WASHINGTON (Reuters) - Ebbing global growth and shaky financial markets threw the U.S. Federal Reserve off course in early 2016, and it took nearly a year for officials to regain confidence growth would continue and convince investors they would again raise interest rates.
Similar conditions confront Fed policymakers as they meet this week, with market skepticism about further rate hikes as deep as it was three years ago, and a stalemate over global trade, a U.S. federal government shutdown, and waning business and consumer confidence further clouding the picture. (Graphic: tmsnrt.rs/2B6xrKy)
Policymakers have been clear they plan a “patient” pause in rate hikes. The challenge for Fed chairman Jerome Powell is how much of a pause to signal without leaving the public convinced that the Fed’s current cycle of rising interest rates has come to a full stop.
“Realistically it is a second half of the year story,” for the Fed to feel secure the U.S. recovery is sturdy enough to warrant further rate increases, said Robin Brooks, chief economist for the Institute of International Finance. While some current conditions are healthier than they were in 2016, with historically low unemployment, for example, “what’s different on the negative side is the sheer amount of noise in the system.”
That includes issues, such as the U.S.-China trade spat that could be resolved soon, clear away some of the doubts that are holding back business spending, and improve the Fed’s outlook.
But policymakers are now in no rush, with some framing the likely pause in terms of “months” that may be needed for risks to subside enough for them to approve the next of two rates hikes expected for the year.
Even that may be optimistic. While economists polled by Reuters this month see those hikes delayed by a quarter compared with a December survey, financial markets do not price in any rate increases in 2019. [nKCN1ON13U here]
Some economists now argue the central bank’s next move will be to loosen monetary policy - whether through a rate cut, or slowing the monthly rundown of the Fed’s balance sheet that acts as a further, if small, tightening of economic conditions each month.
The drawdown of the balance sheet by up to $50 billion a month was designed as a non-controversial way to reverse the Fed’s accumulation of trillions of dollars during the financial crisis a decade ago. But there has been increasing pressure — from markets and President Donald Trump - for the central bank to slow the process or stop altogether.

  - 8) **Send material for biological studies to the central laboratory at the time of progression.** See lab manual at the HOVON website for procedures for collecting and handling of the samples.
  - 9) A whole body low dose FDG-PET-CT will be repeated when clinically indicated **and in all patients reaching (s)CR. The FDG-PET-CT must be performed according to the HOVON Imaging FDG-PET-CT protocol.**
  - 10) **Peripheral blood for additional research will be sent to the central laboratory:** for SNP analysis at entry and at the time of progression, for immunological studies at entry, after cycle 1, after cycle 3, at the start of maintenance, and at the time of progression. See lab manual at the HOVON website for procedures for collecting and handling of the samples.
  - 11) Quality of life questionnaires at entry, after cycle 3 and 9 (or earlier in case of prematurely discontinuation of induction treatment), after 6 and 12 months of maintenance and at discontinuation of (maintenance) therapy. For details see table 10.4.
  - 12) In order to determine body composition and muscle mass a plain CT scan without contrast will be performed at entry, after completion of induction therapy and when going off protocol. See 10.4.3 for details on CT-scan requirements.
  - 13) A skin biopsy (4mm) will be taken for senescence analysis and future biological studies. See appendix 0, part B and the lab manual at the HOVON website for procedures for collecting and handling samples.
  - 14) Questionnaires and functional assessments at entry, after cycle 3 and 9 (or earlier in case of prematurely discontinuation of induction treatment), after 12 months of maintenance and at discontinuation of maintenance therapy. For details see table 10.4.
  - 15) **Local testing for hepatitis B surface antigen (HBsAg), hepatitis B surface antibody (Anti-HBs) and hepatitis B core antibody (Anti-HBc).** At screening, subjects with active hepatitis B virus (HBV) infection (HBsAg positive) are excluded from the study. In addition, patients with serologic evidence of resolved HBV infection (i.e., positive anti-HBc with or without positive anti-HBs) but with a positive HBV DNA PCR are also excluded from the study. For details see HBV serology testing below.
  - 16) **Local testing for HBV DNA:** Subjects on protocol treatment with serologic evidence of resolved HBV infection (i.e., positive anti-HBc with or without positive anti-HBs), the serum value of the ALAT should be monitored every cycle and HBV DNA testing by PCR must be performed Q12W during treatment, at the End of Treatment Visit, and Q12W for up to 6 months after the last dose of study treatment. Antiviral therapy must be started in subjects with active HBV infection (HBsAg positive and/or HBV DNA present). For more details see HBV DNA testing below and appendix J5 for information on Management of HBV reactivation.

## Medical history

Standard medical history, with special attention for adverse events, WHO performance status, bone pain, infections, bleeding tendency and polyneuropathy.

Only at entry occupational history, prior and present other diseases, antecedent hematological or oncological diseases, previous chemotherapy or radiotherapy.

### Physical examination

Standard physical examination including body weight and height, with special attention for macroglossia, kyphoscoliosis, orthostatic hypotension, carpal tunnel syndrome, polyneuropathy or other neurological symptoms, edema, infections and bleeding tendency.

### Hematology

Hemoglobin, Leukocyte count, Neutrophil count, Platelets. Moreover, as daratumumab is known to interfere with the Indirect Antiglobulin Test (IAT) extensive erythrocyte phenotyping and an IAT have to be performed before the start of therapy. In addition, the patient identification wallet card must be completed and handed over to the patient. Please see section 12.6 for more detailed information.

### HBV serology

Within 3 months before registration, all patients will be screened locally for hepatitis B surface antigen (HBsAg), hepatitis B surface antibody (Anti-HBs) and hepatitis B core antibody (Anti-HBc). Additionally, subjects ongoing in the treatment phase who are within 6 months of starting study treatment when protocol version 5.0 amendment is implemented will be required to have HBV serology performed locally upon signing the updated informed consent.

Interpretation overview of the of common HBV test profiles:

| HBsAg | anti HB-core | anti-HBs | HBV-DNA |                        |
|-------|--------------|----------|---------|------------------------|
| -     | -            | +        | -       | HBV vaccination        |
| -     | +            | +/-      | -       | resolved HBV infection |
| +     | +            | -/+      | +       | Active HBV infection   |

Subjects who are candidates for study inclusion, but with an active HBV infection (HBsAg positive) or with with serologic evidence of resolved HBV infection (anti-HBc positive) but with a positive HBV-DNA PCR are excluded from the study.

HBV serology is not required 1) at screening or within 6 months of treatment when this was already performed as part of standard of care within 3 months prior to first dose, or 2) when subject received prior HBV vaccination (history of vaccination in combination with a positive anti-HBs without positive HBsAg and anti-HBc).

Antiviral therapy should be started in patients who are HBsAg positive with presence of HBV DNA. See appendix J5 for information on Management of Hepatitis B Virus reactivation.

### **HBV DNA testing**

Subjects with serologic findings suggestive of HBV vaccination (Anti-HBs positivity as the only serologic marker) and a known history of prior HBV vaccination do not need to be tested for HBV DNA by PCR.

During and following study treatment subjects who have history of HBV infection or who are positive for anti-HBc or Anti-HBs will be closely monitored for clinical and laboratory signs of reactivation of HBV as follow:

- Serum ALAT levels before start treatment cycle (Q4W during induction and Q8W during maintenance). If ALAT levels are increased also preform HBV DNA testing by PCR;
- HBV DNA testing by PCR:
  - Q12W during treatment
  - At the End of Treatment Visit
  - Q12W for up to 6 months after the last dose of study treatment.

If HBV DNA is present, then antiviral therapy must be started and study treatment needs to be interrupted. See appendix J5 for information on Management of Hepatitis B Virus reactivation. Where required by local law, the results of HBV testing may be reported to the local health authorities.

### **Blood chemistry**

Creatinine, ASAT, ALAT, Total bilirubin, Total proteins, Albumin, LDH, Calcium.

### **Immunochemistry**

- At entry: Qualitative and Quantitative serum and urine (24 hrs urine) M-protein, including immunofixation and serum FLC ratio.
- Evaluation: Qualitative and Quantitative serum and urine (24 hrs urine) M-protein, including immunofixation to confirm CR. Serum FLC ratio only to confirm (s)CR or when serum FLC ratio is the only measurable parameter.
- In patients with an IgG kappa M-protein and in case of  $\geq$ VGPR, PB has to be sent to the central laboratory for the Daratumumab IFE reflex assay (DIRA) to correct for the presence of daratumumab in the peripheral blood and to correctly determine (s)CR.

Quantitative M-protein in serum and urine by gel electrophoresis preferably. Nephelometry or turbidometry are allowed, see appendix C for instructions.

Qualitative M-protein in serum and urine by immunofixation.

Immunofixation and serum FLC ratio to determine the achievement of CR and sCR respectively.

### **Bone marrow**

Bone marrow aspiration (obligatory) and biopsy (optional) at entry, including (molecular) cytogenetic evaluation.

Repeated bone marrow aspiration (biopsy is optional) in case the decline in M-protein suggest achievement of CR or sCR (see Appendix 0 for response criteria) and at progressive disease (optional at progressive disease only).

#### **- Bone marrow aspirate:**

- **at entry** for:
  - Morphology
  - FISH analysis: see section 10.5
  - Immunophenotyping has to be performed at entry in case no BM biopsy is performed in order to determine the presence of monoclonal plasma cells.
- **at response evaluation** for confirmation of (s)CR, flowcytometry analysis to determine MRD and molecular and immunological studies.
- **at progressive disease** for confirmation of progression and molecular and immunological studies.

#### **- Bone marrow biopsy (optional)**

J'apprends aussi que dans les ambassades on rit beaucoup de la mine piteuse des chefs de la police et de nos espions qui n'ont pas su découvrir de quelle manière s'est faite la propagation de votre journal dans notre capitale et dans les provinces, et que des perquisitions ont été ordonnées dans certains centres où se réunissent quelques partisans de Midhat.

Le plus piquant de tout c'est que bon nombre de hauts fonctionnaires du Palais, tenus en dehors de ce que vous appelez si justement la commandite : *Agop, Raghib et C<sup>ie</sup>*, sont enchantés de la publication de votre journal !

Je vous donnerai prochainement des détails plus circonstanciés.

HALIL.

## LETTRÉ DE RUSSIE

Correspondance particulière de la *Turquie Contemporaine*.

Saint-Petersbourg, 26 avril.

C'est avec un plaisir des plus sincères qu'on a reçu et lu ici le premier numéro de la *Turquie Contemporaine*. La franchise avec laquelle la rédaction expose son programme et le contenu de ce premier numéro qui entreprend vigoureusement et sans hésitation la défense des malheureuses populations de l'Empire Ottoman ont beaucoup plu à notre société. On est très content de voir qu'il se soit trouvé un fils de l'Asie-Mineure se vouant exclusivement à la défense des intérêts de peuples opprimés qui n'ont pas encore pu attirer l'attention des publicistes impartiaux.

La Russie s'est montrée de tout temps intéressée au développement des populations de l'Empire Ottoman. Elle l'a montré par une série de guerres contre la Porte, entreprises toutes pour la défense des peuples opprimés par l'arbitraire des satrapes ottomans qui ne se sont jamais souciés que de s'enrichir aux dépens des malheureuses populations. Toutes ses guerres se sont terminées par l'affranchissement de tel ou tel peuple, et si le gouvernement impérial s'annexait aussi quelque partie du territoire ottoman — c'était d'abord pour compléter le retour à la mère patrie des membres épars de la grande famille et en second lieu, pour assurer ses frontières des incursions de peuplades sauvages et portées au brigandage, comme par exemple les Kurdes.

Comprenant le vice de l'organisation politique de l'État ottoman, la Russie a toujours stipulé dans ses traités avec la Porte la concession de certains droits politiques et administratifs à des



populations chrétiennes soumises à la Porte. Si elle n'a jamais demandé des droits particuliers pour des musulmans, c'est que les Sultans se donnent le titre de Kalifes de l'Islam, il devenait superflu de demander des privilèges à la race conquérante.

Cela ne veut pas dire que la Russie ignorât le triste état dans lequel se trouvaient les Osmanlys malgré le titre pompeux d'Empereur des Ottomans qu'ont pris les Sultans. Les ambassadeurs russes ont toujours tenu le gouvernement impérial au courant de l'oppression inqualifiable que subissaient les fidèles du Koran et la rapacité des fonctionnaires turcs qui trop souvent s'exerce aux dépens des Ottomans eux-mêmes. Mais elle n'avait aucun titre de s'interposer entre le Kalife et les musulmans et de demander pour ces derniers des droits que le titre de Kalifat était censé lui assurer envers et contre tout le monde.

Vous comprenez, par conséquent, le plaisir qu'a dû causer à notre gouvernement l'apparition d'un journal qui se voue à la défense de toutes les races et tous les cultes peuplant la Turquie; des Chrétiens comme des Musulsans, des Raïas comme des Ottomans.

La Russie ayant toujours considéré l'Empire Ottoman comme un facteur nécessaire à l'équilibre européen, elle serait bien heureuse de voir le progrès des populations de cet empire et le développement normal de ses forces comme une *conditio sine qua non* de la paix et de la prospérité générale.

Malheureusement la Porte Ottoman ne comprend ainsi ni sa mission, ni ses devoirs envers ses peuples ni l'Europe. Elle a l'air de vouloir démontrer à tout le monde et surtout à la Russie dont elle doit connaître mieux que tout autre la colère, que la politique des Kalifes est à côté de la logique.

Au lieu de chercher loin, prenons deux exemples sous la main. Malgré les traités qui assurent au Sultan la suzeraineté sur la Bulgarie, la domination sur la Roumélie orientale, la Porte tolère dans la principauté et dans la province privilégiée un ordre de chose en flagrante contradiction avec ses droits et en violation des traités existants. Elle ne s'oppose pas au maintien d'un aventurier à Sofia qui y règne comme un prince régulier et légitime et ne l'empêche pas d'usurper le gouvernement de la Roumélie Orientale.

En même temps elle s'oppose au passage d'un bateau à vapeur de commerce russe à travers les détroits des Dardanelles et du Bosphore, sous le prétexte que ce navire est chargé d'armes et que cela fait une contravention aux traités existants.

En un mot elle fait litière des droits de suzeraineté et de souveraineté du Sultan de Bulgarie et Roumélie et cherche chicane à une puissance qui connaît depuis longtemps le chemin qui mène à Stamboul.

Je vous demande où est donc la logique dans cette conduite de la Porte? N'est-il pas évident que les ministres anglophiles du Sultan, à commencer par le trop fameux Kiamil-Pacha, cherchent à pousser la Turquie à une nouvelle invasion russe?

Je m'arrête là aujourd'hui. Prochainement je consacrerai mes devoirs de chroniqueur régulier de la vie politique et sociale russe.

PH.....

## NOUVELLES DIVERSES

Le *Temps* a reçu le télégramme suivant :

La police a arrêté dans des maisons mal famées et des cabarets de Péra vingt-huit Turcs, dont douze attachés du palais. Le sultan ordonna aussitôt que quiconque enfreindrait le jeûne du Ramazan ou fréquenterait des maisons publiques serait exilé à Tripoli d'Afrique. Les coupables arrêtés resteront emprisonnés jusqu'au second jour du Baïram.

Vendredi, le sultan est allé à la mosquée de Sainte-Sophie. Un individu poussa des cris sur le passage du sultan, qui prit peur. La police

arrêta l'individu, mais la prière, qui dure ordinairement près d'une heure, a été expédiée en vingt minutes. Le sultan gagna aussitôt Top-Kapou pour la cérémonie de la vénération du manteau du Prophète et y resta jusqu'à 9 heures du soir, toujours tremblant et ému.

The Fed “needs a graceful way to back off” a three-year-old tightening cycle that was expected to continue into next year, wrote Steven Blitz, U.S. economist for TS Lombard. He said he anticipated the Fed will signal its new plans by changing the balance sheet program at this meeting or the next one in March, then be forced to cut rates later in the year.
The Jan. 29-30 Fed meeting this week is the first of 2019. There will be no updated rate or economic projections from policymakers, but Powell is set to hold the first of eight post-meeting news conferences scheduled for the year, one after every session of the Federal Open Market Committee.
It marks a change from the previous practice of briefing the media after every other meeting, a step Powell said will increase public transparency, and force investors to treat each Fed session the same.
It also doubles the chance for a communications misstep, and next week’s appearance will pose a “delicate” communications as Powell weighs the fact that a strong U.S. economy may warrant higher rates against slowing world growth and financial markets flashing recession fears, said J.P. Morgan economist Michael Feroli said in a preview analysis of the coming Fed session.
“We think they will try to avoid giving the impression that pause equals stop (or even cut) or that the economic outlook has materially downshifted.”
The Fed has rarely followed an extended pause in rate increases with a renewed push higher. The last time it did was in the mid-1990s during the “Great Moderation” period of steady growth and surging productivity.
Yet that is what Powell may have to engineer, soothing for now anyone nervous about the depth of a possible slowdown without promising that rates will not go up anymore, and clarifying along the way what may happen with the balance sheet.
“The essential debate...is whether the FOMC would still prefer to signal to the market that the next change in interest rates is likely higher or whether it should emphasize patience and remove rate guidance altogether,” Barclays economist Michael Gapen wrote. The latter, he said, may calm markets today, but set the stage “for undesirable volatility later” if the Fed does need to hike again.
Reporting by Howard Schneider; Editing by Tomasz Janowski